@ThomasHiatt Users like visual elements, so the idea was to visually show how smooth the game will run.

" you send data around and measure the time it takes."
Maybe we could use polling to get the time it takes to send data around
Here is another example in lua of polling.
When players have slow response times then we can show a visual element indicating this.

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We could just use the ping, provided by the engine.

@ThomasHiatt it is not about making a pong game, I was experimenting for the animation idea. If the connection is stable then the animation would be smooth. If it is not then the animation stutters. I thought it to be a clever way to visualize jitter 🙂

A work of art is never finished, merely abandoned

@thecore the issue is with the lobby though, not with the idea.

A work of art is never finished, merely abandoned

The issue is you are calling it ping, when it's hardly consequential - sure it can affect the game, but I'd defer to Exselsior's explanation.

The 'lag' problem in most cases can be traced to two primary sources:

  1. bandwidth - can a player sustain the needed throughput to receive and send packages to every other player. Even if the player has the best PC out there, if the player can't send and receive data at required speed, it will lag.
  2. simulation - even if the player has the best connection out there, if a player's PC can not calculate what to send in those packages fast enough, it will lag.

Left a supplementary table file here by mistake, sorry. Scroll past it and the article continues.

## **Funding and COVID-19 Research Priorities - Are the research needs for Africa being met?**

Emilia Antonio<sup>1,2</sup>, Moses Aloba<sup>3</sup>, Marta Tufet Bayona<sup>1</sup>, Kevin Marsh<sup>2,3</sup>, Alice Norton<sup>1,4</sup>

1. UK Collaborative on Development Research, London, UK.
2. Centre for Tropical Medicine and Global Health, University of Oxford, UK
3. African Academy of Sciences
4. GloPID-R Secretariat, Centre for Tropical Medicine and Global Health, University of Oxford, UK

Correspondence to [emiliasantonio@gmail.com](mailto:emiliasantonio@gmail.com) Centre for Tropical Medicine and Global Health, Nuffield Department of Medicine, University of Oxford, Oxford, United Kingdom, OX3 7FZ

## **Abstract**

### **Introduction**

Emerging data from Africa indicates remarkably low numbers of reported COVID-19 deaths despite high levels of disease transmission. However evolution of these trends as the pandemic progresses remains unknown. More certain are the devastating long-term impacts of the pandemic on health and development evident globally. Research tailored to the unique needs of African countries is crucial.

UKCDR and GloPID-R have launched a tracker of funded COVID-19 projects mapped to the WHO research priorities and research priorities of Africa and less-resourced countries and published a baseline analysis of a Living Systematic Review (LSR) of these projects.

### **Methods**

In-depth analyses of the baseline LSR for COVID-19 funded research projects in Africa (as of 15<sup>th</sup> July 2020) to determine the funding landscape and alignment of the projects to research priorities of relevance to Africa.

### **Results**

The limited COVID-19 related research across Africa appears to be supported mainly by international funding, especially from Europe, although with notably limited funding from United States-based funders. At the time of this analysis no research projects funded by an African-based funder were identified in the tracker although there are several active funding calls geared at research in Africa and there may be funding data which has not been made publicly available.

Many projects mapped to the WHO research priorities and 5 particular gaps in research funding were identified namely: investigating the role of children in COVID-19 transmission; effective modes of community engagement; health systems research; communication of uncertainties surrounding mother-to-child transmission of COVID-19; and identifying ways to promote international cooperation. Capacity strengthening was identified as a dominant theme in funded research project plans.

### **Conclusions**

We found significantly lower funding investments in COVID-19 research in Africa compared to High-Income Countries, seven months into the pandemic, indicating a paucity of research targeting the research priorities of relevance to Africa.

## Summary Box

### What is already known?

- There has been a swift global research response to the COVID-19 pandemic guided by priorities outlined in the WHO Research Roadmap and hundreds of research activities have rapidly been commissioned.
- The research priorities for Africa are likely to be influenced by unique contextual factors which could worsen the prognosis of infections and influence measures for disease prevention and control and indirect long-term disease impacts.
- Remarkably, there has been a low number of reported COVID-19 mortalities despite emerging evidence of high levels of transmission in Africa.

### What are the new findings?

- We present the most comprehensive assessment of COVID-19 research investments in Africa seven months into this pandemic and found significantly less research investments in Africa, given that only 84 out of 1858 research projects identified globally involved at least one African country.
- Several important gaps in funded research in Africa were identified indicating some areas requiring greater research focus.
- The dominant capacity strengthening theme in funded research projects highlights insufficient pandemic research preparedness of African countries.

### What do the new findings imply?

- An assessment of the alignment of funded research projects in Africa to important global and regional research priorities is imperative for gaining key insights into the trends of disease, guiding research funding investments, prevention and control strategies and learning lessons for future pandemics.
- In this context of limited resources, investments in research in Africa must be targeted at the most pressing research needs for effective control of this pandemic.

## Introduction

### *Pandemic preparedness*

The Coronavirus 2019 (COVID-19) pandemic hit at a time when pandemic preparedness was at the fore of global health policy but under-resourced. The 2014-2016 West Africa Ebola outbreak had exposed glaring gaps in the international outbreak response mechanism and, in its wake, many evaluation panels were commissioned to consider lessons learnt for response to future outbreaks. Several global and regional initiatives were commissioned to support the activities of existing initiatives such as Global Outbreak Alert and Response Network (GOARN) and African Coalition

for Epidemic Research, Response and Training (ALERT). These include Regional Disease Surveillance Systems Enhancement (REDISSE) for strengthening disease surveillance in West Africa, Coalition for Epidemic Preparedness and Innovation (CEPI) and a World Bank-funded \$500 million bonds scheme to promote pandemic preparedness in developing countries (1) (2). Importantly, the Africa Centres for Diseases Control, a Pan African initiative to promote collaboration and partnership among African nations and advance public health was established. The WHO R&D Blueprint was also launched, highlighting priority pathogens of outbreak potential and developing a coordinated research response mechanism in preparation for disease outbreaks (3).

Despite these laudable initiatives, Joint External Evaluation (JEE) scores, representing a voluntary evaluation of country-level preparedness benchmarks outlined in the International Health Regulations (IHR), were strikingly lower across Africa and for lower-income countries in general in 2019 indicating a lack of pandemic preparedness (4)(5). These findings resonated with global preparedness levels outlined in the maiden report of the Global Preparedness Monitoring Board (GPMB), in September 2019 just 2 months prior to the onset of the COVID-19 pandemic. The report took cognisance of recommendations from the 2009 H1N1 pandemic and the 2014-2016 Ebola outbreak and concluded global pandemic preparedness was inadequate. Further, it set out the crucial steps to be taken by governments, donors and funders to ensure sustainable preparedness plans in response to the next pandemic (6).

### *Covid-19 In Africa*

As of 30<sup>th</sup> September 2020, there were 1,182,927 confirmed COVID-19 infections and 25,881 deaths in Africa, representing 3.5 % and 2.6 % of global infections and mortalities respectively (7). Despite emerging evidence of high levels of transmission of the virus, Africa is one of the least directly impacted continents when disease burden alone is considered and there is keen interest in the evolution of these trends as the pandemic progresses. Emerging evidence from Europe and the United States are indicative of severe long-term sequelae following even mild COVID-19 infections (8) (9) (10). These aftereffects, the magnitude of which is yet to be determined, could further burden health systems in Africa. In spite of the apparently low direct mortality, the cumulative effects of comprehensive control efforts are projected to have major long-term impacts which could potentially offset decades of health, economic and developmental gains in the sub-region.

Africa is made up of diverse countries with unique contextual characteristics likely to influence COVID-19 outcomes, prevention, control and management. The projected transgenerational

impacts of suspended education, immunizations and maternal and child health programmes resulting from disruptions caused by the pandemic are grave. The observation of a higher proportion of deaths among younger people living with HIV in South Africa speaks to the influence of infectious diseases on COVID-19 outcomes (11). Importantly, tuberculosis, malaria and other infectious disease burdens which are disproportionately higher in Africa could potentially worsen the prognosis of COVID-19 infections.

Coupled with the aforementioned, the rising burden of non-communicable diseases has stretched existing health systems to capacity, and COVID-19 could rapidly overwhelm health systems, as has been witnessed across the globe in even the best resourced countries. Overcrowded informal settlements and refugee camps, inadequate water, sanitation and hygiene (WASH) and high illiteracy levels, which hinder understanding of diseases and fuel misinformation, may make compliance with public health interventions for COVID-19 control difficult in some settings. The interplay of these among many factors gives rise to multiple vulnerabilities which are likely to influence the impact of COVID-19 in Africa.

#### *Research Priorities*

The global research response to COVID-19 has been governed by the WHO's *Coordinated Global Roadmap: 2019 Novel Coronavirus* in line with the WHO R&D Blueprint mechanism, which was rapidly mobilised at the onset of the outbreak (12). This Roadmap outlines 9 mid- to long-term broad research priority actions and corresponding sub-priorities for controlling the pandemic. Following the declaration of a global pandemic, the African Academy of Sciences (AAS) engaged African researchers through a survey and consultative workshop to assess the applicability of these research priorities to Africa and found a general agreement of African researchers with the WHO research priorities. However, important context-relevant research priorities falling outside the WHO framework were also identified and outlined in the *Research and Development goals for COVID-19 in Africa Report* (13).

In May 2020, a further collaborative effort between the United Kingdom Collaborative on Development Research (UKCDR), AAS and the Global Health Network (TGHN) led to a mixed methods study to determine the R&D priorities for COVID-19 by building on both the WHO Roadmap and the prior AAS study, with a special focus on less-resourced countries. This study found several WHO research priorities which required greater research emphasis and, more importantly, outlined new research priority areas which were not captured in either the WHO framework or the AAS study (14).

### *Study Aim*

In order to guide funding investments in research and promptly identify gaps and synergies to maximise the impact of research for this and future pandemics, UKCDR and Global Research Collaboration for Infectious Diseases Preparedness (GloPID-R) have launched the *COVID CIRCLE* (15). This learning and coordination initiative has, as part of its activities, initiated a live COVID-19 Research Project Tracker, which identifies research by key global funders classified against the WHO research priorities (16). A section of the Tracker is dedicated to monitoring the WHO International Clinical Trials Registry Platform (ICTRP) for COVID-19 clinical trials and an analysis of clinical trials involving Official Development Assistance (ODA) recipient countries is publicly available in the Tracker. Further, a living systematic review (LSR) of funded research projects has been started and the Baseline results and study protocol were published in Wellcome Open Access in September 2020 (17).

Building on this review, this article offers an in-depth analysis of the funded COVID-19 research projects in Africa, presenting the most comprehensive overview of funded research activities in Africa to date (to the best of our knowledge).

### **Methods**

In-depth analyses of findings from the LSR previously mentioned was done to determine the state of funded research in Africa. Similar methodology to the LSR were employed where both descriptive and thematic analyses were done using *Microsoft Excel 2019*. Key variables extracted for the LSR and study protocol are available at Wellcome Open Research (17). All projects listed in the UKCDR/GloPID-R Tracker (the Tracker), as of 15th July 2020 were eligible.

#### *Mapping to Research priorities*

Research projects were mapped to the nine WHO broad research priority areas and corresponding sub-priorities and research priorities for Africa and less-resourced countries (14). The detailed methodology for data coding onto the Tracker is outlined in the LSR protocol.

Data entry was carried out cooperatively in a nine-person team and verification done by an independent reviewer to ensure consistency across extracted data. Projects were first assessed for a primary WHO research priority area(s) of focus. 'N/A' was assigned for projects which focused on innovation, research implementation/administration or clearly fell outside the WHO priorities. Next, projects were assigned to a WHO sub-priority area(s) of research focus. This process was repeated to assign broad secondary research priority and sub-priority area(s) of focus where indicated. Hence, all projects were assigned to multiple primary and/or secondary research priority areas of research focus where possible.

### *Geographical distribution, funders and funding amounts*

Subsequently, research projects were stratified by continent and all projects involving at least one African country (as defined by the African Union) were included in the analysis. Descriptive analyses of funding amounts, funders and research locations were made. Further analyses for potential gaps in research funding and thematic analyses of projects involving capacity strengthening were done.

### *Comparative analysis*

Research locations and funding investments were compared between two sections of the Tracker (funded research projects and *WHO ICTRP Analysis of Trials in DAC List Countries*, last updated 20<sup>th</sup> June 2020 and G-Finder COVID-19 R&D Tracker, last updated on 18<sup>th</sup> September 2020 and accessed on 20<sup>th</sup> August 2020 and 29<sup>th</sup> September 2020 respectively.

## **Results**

Regardless, the idea with the visual seems really interesting actually, but I see 2 problems with it, assuming you measure the above-mentioned things, and not ping that is borderline irrelevant unless you are playing from the low-Earth orbit on the other side of the planet (though feel free to argument otherwise):

1. Players could be running something in the BG while waiting for the lobby to fill.

As the 'title' states. This could affect both bandwidth and simulation testing. The solution to this could be you plea players to turn their stuff off before starting the game (a.k.a. putting the PC in the state it will be in while the game will be running), but I don't see how you could enforce this - hence, there will be some who will disregard this recommendation, and after a while, everyone will.

2. Who's the lagger?

Let's assume you have 3 players that are in a lobby - A, B and C . Let's run a little thought experiment, assuming all players have relatively low ping (<300, which in truth only means they are 'very close to each other', network-distances speaking).

A has awesome internet, both up and down way beyond necessary, and has perfect connection to both players B and C. Let's assume player B has a decent enough connection, where it's good enough to support what is required to have a smooth play. Player C, on the other hand, has a bit worse internet connection, and for some reason (not unrealistic), his connection to A is completely stable, while his connection to B is absolute chaos.

Hopefully I don't have to explain how player A could not be able to tell who of the two players was the source of lag - even if he had insight on their own points of view. And if he were the host, he would not be able to decide on who to kick. The situation gets even messier the more players you have of course.

If we are already thinking of a way to represent "connectivity fitness", why not, if possible, extrapolate that from the last few games (say 20)? Measure both connectivity and simulation rates (not sure if it's possible to do that, or if 1 player bottlenecking causes everyone to have reported reduced sim speed) during the game, and extrapolate a 'score' out of that.